In most commercial tenancies, the fact that corporations or other business entities act as the parties to the lease insulates the corporate officers of those business entities from individual liability. However, this is not always the case. In a recent case, a Massachusetts court held that an officer may be individually liable for statements made on behalf of his corporate employer during negotiations over an early lease termination, notwithstanding the fact that he acted in his capacity as an officer of a corporation.
In 300 Needham Street, LLC v URC, LLC, Docket No. SUCV-1684718 (Sept. 15, 2016), a Massachusetts court held that a corporate officer of a commercial tenant may be individually liable under the Massachusetts Unfair and Deceptive Trade Practices Act, M.G.L. c. 93A, for his participation in the tenant’s withholding of rent in an attempt to coerce a favorable lease termination from the landlord. In so doing, the Court reaffirmed the principle that a corporate officer may be held individually liable under Chapter 93A for participation in unfair and deceptive conduct by the corporation for which the officer acts.
The facts of the case are not atypical of commercial tenancies in that the case involved a commercial tenant seeking early termination of a lease. Specifically, 300 Needham, LLC, as tenant, entered into a 10-year lease with URC, LLC, as landlord, for commercial property to be used as a restaurant. Just months into the lease term, the restaurant failed and closed, and the tenant sought to negotiate a termination of the lease. Although the tenant initially made monthly rent payments to the landlord, as negotiations dragged on, a corporate officer of the tenant, Herz, threatened to “shut off the [rent] spigot” — allegedly in order to coerce the landlord into a favorable settlement.
When the tenant made good on its threat and stopped making rent payments, the landlord sued the tenant and a corporate guarantor for declaratory judgment and breach of contract. The landlord also brought claims against tenant, the guarantor, and Herz individually, for violation of Chapter 93A, asserting that the withholding of rent in order to coerce a favorable settlement was an unfair and deceptive trade practice. Herz, the senior vice president of both tenant and guarantor who negotiated and signed both the lease and the guaranty, and engaged in essentially all communication on behalf of the tenant with the landlord, moved to dismiss the 93A claim brought against him individually, asserting that it failed to state a claim against him.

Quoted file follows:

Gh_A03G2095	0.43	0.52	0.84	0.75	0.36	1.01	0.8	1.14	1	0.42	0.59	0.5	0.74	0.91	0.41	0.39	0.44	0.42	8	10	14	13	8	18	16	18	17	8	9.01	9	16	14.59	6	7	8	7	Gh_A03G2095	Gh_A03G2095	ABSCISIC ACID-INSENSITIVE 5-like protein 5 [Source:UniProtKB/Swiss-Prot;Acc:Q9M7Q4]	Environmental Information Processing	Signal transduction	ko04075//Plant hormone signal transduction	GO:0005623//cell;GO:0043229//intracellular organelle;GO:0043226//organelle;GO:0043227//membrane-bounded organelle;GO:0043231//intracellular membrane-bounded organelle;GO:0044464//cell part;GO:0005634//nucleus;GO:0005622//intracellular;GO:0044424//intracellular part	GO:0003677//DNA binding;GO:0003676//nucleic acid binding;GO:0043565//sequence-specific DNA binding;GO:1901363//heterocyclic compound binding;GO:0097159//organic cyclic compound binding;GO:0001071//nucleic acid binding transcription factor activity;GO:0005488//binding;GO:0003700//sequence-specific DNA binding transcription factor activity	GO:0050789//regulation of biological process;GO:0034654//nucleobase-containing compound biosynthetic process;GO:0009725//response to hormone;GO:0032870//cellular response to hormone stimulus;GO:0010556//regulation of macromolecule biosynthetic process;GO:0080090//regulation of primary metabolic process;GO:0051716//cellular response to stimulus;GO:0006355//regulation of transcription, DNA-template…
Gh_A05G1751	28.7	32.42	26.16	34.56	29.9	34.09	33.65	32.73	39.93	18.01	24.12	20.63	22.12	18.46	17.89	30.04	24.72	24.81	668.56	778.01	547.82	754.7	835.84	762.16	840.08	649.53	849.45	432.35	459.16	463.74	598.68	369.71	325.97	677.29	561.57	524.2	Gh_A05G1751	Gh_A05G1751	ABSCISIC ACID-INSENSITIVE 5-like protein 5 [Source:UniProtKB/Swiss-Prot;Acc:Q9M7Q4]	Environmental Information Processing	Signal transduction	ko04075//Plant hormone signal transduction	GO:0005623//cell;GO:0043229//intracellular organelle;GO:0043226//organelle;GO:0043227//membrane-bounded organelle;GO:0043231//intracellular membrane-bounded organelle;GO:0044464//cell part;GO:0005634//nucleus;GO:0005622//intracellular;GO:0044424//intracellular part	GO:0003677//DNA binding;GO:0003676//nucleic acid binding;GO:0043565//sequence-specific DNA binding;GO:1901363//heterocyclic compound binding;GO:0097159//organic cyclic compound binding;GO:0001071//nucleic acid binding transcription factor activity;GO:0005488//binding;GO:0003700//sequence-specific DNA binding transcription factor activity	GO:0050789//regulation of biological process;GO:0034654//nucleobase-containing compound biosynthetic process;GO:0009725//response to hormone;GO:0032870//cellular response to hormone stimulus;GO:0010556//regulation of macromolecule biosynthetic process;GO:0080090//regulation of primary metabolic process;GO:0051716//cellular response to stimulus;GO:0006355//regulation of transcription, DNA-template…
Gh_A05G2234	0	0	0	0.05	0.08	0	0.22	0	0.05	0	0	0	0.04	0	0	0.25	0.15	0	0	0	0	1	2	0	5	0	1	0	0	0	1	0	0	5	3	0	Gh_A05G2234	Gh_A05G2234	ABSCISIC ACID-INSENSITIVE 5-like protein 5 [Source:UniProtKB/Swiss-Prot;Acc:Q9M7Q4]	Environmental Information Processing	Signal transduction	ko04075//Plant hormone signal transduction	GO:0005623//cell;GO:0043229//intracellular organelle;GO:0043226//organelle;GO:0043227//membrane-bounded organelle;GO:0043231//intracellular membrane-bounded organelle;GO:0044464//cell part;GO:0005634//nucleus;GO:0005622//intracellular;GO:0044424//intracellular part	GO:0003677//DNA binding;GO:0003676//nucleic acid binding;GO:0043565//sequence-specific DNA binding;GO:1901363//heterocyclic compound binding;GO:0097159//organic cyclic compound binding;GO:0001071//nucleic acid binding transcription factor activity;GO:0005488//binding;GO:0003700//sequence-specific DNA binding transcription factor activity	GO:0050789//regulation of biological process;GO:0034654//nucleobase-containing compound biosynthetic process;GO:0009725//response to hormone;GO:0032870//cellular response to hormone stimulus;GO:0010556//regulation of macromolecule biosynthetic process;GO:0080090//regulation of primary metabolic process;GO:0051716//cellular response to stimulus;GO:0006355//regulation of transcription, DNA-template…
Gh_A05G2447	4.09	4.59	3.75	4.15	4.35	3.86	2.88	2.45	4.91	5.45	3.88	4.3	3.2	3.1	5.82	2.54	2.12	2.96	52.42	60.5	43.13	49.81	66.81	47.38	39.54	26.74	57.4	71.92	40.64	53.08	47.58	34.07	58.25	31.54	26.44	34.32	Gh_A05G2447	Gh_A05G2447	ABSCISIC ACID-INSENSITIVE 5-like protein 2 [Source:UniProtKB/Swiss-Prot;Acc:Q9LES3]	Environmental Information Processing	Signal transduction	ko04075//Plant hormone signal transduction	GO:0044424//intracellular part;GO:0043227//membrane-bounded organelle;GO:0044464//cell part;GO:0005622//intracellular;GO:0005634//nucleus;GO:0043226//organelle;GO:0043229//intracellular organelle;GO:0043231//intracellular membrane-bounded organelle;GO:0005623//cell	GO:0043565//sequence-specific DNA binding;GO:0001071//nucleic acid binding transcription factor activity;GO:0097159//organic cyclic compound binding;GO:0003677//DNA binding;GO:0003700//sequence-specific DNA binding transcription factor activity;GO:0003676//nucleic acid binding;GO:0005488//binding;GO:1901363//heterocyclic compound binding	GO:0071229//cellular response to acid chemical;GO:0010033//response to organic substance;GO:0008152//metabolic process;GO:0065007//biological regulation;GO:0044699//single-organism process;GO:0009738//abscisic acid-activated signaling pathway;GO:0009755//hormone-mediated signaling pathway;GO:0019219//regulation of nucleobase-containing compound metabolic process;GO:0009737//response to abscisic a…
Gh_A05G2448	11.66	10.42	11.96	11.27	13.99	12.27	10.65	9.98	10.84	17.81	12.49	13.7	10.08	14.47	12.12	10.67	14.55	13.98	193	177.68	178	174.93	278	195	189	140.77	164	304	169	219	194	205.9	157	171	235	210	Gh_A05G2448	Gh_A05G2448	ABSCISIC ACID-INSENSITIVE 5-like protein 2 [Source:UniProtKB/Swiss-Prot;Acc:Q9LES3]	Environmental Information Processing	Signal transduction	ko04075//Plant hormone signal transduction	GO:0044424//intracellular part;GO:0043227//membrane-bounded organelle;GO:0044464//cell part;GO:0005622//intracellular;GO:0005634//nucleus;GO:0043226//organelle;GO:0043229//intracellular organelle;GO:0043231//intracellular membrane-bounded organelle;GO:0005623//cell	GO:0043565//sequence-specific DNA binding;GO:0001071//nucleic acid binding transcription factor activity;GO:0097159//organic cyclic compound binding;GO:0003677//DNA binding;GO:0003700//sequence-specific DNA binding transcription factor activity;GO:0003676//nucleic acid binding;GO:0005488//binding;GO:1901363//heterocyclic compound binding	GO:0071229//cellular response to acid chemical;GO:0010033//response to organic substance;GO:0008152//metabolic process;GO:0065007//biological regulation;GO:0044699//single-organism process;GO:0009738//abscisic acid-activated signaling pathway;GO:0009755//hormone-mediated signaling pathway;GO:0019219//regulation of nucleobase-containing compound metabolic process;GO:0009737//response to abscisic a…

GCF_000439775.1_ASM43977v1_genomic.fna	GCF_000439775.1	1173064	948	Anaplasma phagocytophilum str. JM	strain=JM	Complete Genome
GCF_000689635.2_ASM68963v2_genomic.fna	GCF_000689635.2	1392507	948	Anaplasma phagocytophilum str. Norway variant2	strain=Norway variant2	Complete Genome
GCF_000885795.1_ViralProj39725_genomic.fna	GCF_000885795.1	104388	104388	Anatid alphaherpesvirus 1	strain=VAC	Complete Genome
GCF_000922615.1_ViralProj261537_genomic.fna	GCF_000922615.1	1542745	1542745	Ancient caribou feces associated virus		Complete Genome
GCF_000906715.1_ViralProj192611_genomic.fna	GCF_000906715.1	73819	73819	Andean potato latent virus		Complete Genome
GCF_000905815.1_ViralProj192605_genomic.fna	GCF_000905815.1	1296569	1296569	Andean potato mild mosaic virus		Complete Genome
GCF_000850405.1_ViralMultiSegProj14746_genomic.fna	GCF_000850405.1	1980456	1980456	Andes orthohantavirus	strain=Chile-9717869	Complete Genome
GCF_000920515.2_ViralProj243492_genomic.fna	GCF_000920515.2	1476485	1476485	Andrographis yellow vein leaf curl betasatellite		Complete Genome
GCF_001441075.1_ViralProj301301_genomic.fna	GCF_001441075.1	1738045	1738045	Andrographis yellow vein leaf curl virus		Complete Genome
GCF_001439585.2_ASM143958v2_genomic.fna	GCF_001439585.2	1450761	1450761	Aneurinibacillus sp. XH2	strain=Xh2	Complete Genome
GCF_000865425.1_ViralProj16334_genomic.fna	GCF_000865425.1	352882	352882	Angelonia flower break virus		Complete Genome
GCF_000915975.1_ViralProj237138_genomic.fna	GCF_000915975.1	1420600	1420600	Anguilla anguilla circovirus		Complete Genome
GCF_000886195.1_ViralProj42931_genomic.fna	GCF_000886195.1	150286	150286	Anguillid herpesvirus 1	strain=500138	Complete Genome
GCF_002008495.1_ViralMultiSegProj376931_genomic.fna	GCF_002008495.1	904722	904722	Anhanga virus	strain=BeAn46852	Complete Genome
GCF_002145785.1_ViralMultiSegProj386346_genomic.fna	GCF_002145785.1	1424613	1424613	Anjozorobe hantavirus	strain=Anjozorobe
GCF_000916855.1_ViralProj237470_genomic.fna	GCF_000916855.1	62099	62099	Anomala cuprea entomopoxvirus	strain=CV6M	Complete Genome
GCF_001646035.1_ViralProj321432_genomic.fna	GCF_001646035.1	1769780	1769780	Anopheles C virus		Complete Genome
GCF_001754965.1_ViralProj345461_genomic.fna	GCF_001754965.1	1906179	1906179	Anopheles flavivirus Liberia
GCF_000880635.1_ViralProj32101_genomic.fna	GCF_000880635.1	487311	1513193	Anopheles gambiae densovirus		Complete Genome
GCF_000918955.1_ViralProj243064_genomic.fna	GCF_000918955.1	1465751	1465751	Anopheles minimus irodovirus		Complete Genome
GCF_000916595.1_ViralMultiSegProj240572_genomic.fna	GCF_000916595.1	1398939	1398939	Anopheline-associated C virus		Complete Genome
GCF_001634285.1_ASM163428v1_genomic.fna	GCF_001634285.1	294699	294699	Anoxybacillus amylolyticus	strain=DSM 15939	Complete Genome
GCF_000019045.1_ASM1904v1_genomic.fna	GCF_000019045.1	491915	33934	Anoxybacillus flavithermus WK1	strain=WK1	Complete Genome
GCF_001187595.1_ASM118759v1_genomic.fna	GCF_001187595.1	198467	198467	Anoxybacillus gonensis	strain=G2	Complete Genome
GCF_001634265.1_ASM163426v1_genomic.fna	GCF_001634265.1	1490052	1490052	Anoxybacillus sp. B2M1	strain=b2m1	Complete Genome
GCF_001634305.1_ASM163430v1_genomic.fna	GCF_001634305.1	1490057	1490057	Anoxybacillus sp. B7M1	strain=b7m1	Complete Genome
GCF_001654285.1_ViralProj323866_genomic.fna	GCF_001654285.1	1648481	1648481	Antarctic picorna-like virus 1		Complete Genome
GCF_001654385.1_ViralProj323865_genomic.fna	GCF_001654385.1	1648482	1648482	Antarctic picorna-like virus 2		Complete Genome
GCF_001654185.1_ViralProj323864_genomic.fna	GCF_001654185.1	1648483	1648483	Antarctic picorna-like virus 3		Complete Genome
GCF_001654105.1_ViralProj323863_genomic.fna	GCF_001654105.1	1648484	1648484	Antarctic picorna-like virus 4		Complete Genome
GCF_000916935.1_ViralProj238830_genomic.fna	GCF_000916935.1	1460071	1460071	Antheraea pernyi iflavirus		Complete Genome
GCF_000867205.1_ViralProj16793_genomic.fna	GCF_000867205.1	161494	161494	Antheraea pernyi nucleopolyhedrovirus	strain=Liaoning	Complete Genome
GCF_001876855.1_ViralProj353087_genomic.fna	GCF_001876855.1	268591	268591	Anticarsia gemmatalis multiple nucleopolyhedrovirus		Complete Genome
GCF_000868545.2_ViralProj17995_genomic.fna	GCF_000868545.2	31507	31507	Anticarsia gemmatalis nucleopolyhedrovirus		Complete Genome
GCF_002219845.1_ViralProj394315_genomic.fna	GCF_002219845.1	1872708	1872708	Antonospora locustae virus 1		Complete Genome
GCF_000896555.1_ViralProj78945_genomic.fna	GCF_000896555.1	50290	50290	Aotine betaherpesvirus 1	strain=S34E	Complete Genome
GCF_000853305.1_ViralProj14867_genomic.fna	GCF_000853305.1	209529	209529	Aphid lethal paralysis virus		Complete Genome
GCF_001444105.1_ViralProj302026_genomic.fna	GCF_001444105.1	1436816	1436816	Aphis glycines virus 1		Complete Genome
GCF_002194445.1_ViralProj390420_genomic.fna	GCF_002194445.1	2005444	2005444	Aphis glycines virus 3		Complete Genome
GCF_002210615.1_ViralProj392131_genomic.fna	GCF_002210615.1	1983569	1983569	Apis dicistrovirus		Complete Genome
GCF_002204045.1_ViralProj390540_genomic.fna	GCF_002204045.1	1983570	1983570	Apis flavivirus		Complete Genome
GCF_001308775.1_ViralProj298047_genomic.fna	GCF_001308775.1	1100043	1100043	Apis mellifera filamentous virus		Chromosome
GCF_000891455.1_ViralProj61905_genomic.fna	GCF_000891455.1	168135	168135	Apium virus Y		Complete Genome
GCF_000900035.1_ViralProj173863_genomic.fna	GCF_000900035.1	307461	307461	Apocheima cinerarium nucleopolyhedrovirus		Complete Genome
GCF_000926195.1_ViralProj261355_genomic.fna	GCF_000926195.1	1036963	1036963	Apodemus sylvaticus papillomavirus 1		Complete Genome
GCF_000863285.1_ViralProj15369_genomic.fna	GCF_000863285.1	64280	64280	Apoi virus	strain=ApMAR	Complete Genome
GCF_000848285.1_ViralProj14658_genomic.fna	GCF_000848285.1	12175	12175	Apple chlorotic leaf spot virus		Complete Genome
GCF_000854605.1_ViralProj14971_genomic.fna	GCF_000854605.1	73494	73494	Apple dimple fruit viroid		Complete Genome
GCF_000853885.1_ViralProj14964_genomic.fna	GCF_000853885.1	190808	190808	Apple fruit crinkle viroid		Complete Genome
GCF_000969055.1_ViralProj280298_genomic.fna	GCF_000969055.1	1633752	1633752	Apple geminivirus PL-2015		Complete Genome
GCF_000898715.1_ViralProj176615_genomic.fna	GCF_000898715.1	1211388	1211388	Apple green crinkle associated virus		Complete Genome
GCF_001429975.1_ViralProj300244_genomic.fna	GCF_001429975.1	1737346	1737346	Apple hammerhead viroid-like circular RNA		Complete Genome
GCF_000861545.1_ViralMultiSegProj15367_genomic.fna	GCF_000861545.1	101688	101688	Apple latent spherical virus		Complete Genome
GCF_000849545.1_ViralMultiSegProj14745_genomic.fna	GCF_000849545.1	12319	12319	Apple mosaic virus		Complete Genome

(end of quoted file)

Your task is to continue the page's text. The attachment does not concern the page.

The court rejected Herz’s argument. First, the court noted that the complaint clearly stated a claim against the corporate defendants, noting that the purposeful breach of contract “as a lever to obtain advantage for the party committing the breach” states a claim for violation of Chapter 93A. Herz argued that a claim could not be asserted against him personally because he was not attempting to gain a benefit for himself and that he was not engaged in trade or commerce. With little analysis, the court rejected these arguments, noting that “[i]t is settled that corporate officers may be held liable under c. 93A for their personal participation in conduct invoking its sanctions.” Accordingly, the court denied Herz’s motion to dismiss.
This case presents a potentially potent tool to any party to a commercial lease that can effectively allege that the opposing party has purposefully breached the contract to gain leverage in a business dispute – namely, the prospect of holding corporate officers individually liable for their participation in the corporate misconduct. Thus, corporate officers should be aware that coercive statements, such as threats of nonpayment or insolvency, made during settlement negotiations can trigger individual liability against them.
Anthony Cichello and Jason Curtin are attorneys with Krokidas & Bluestein LLP, Boston, MA